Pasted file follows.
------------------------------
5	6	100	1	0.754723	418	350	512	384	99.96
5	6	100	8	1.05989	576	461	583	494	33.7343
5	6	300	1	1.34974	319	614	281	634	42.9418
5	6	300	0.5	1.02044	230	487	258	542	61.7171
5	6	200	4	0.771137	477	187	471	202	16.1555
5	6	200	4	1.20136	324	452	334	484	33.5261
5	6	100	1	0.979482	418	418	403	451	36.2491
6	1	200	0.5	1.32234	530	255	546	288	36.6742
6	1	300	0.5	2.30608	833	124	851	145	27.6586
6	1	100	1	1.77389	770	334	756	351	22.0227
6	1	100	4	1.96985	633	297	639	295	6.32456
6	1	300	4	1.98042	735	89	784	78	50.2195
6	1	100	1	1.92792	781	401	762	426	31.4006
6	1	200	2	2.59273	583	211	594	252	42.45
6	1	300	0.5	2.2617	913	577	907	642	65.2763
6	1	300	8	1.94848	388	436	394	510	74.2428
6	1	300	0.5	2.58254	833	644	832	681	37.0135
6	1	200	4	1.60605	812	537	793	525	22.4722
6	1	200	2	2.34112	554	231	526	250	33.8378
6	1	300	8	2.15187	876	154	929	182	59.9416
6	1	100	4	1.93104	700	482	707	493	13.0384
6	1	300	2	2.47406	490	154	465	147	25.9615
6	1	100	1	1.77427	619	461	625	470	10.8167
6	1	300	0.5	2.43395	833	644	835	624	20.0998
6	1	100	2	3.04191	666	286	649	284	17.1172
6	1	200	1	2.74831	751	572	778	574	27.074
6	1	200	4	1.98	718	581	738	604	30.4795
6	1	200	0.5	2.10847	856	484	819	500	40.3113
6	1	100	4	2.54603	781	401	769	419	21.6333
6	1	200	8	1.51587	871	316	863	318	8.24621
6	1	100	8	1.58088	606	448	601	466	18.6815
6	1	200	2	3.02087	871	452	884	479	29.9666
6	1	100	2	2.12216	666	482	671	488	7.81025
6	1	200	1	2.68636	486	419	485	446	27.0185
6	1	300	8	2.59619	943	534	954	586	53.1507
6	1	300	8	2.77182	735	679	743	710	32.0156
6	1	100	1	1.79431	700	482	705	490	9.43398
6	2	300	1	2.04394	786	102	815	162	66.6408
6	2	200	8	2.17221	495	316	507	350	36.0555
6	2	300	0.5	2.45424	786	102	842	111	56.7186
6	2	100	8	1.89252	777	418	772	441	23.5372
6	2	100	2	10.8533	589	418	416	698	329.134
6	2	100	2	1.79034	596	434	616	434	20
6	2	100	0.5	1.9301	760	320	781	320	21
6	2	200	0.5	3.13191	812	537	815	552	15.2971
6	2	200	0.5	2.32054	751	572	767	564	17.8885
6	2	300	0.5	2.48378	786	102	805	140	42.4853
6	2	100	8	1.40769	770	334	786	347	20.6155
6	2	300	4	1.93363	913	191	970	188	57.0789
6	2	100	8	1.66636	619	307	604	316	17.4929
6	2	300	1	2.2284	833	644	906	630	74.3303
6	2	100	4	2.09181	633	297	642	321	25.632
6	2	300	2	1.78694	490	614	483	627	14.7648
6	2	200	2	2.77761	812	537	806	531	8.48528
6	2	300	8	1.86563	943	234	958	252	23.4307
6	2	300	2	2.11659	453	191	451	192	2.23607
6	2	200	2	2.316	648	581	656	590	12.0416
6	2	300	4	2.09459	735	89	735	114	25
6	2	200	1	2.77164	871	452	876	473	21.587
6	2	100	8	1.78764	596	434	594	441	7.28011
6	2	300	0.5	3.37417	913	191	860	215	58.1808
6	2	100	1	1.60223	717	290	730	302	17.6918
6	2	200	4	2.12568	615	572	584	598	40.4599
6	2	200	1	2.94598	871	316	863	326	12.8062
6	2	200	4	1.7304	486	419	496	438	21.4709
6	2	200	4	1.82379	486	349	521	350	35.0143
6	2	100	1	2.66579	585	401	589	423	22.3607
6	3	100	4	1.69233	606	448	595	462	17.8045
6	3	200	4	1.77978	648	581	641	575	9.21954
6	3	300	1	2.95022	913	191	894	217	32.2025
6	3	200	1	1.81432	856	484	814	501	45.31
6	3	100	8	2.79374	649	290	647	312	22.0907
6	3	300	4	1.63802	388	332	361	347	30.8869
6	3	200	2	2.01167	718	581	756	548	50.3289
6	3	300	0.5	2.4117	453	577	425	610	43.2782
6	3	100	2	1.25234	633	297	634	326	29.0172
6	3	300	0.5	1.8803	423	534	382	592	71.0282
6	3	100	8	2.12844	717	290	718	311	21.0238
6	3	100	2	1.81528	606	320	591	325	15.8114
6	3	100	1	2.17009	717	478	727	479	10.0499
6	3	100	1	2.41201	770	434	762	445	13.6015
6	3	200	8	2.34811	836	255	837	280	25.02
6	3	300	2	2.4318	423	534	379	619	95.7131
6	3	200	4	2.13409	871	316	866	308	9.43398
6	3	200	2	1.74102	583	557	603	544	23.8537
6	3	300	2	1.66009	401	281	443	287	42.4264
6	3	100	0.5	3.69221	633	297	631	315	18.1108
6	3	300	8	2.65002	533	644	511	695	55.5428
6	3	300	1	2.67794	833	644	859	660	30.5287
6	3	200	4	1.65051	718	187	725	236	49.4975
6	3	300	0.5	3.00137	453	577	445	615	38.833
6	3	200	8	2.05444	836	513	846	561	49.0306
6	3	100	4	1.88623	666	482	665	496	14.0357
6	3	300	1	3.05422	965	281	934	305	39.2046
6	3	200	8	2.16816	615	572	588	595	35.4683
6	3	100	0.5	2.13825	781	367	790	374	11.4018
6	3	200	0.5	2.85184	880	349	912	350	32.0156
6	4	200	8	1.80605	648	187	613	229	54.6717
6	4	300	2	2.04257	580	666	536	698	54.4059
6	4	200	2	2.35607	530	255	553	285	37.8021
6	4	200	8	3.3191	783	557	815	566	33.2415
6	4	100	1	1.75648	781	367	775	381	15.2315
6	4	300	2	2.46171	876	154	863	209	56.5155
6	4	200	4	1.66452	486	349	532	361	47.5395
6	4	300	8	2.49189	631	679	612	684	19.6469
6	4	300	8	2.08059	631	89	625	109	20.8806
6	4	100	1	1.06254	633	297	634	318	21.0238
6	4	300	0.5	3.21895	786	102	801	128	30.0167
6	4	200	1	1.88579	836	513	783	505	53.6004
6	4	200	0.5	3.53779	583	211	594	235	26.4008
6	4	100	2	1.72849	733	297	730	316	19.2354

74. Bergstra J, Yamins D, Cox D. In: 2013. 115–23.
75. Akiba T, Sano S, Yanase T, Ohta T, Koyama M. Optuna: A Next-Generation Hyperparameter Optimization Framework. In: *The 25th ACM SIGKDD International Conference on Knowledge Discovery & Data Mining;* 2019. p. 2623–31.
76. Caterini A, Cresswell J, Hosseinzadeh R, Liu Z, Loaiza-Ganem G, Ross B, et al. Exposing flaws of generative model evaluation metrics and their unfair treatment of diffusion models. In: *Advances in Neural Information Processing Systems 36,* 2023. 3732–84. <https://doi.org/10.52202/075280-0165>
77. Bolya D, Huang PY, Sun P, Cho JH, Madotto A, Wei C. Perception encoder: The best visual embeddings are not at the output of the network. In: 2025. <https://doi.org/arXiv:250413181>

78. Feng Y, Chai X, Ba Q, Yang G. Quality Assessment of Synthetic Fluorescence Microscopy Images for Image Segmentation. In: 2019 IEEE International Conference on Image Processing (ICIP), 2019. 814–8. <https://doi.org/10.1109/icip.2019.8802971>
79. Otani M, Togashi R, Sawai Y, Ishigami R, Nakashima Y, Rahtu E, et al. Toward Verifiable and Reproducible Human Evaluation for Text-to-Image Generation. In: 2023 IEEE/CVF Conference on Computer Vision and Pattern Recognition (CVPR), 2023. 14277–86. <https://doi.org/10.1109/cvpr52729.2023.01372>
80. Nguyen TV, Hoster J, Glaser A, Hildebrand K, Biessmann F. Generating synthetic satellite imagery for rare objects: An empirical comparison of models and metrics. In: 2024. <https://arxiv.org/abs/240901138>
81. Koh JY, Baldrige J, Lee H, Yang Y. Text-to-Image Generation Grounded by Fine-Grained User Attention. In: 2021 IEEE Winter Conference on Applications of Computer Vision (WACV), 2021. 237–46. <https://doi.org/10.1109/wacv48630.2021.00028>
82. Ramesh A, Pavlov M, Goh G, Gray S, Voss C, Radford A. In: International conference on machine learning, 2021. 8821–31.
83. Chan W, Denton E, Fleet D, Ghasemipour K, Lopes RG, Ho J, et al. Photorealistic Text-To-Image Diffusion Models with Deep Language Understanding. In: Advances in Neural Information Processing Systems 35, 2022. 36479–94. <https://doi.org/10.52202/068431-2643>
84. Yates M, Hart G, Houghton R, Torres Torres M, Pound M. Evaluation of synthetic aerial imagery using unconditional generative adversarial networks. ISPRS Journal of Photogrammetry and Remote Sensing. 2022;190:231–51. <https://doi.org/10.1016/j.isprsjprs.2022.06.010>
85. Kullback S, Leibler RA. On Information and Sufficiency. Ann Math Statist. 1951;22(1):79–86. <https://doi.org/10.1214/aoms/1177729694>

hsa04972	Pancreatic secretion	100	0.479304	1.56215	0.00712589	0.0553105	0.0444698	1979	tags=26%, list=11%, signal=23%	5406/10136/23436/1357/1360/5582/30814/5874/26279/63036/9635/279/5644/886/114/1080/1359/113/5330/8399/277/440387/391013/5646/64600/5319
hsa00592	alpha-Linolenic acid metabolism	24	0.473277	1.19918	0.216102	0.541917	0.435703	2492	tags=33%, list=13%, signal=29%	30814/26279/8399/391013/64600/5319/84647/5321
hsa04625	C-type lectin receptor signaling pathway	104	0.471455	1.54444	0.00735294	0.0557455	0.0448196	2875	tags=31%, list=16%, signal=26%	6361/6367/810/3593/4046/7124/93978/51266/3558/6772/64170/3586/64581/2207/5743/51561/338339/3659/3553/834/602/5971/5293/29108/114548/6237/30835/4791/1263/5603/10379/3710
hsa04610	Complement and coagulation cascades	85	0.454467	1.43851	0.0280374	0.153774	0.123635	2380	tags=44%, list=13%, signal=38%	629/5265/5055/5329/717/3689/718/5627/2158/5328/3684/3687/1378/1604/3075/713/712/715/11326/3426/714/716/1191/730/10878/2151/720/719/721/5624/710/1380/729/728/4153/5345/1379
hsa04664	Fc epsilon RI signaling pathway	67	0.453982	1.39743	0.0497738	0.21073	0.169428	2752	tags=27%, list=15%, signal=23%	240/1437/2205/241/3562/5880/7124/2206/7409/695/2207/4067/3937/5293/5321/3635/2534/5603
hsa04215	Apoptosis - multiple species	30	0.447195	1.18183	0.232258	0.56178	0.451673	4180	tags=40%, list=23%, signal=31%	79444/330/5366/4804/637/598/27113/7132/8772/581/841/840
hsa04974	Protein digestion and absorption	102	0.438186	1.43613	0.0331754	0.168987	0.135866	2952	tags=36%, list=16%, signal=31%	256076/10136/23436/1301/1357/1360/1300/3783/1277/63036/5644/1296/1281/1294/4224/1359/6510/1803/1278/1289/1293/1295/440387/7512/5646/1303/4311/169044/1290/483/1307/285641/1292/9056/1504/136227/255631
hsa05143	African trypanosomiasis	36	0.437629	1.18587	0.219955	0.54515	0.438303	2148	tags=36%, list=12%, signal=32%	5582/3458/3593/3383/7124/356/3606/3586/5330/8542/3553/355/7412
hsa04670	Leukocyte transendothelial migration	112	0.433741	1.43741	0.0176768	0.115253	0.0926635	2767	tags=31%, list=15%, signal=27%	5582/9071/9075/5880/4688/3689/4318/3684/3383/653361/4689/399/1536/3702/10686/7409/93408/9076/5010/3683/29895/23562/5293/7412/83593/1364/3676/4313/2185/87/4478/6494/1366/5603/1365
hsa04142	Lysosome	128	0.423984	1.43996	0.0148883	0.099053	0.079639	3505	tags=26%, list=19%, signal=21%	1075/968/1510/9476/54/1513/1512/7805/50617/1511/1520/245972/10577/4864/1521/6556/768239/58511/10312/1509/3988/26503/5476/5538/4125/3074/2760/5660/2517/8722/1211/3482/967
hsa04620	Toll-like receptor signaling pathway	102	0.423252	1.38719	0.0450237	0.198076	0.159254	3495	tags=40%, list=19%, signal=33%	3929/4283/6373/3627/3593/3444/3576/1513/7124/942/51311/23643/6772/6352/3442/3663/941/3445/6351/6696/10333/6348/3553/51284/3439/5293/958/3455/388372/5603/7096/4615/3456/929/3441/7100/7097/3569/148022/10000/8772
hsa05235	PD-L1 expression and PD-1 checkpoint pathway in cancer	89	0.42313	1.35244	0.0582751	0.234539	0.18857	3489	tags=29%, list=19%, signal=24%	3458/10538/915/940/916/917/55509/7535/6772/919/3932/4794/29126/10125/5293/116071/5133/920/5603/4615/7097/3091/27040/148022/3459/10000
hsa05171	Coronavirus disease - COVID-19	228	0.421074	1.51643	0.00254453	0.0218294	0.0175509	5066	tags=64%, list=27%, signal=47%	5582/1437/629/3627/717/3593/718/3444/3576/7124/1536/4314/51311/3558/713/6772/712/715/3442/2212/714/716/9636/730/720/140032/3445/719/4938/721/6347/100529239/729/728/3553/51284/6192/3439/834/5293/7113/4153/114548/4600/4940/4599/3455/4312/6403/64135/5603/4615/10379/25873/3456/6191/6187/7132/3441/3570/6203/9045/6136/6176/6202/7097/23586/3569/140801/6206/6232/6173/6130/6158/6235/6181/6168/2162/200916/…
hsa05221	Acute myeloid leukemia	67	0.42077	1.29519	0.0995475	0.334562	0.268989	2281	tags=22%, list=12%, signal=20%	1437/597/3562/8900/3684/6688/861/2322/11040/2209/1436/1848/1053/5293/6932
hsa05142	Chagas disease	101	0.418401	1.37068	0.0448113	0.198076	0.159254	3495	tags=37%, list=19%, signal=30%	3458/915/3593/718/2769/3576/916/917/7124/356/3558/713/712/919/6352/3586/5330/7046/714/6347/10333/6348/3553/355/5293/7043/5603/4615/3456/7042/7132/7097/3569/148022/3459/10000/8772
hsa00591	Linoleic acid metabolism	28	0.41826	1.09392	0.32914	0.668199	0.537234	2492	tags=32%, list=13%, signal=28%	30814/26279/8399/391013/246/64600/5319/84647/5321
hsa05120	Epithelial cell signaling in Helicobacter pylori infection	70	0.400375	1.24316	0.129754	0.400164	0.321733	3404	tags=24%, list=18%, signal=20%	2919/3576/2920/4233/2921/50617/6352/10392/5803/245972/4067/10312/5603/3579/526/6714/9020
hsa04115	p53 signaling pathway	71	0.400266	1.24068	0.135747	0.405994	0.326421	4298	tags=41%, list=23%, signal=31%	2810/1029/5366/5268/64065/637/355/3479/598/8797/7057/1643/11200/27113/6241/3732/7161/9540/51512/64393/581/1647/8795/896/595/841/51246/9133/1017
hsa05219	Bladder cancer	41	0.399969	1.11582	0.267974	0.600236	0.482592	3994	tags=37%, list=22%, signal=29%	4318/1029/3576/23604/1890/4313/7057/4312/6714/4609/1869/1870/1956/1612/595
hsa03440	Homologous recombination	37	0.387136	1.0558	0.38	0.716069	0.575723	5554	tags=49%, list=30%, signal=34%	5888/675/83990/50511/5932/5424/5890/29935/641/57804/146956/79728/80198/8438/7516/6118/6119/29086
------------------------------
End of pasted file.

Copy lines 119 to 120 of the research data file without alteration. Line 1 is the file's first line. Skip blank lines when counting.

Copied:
81. Koh JY, Baldrige J, Lee H, Yang Y. Text-to-Image Generation Grounded by Fine-Grained User Attention. In: 2021 IEEE Winter Conference on Applications of Computer Vision (WACV), 2021. 237–46. <https://doi.org/10.1109/wacv48630.2021.00028>
82. Ramesh A, Pavlov M, Goh G, Gray S, Voss C, Radford A. In: International conference on machine learning, 2021. 8821–31.